5 Minute Memoir By Jenni Fagan, The Independent

The bus smells damp, it’s snowing outside and I am going to be late for tutorials if this traffic doesn’t start moving. Trafalgar Square appears and Nelson is scanning the horizon. I used to do that in crowds, unconsciously hoping to find a similar feature to mine. I’ve never met anyone I am related to, well, my father a few times in my twenties, but other than that – nothing.

Now I have two heartbeats inside me, where before there was just one. There is still a faint residue of gel on my tummy, where the nurse coated it earlier. On the screen – your hands covered your ears, you were dreaming, floating in space, unaware of us peering in at you. Your heartbeat sounded so strong, the sound filled the room and the nurse turned to me and said – it’s a boy.

I cried.

You are no longer an abstract it, you are my son. We walked to Tate Modern and I played you Tim Buckley on my headphones. In the Turbine Hall there was a huge cargo container lined with black velvet. Stepping inside – it grew darker, until everything was black. That’s how I imagine dying might be – like walking into darkness. I’ll tell you about death another day. It’s nothing to fear. Hopefully I will pass on a long time before you do and I promise if there is a cargo container on the other side of life, I will be there, waiting for you when you arrive. You will be old and wizened then, a little old man – who once was a boy.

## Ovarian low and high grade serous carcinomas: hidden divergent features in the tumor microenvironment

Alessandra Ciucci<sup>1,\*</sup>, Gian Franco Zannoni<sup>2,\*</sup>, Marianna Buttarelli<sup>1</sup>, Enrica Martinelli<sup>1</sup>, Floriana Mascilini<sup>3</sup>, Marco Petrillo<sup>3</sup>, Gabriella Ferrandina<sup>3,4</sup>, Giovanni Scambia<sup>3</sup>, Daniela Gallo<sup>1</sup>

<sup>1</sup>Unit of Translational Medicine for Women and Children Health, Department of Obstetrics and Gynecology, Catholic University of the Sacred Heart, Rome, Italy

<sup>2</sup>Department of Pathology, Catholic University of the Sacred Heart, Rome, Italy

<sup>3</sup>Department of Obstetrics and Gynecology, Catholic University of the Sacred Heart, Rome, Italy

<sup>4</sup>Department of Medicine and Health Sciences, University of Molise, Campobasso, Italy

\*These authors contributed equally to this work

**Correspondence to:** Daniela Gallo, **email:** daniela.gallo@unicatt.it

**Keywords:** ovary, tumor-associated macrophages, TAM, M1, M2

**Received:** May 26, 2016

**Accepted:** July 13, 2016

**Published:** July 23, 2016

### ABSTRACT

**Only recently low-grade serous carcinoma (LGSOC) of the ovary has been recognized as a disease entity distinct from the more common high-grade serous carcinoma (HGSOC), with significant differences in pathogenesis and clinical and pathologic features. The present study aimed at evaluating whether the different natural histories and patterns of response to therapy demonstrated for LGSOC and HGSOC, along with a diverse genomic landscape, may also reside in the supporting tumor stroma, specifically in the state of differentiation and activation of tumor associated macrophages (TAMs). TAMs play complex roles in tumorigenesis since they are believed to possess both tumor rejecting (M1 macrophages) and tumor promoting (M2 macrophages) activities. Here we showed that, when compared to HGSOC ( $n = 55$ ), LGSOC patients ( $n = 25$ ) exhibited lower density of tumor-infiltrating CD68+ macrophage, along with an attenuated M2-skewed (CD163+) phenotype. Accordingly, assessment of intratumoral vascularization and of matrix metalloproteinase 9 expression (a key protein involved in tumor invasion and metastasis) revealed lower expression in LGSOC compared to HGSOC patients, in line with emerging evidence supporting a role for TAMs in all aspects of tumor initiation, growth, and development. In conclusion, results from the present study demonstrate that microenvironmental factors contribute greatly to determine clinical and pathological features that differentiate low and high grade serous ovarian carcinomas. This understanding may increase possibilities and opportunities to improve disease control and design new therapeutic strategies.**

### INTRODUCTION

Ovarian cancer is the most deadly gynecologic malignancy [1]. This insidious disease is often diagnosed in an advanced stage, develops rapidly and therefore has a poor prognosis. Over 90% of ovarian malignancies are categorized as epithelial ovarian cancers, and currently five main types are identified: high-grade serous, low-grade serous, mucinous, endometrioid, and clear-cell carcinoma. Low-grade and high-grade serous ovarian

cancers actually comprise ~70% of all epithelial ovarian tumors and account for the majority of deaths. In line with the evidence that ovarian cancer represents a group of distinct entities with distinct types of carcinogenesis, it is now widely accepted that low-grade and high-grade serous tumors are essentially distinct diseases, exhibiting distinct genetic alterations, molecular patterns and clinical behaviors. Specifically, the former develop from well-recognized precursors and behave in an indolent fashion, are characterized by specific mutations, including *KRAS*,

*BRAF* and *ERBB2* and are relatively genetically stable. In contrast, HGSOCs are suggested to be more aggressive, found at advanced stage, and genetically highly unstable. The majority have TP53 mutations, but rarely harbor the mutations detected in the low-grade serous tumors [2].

We took a few porcelain sunflower seeds from another exhibit, each one was handmade and is totally unique. I keep touching them in my pocket and wondering what I can tell you about life?

The truth of it is this – we live in a world without explanation, in a galaxy and universe surrounded by galaxies and universes and nobody asks questions too loudly because the answers are sketchy at best. I can’t explain to you why we arrive as seeds and leave as dust, but I can show you the truth in rainbows. I can bake you pancakes, and take you to the park in autumn so we can kick up the leaves.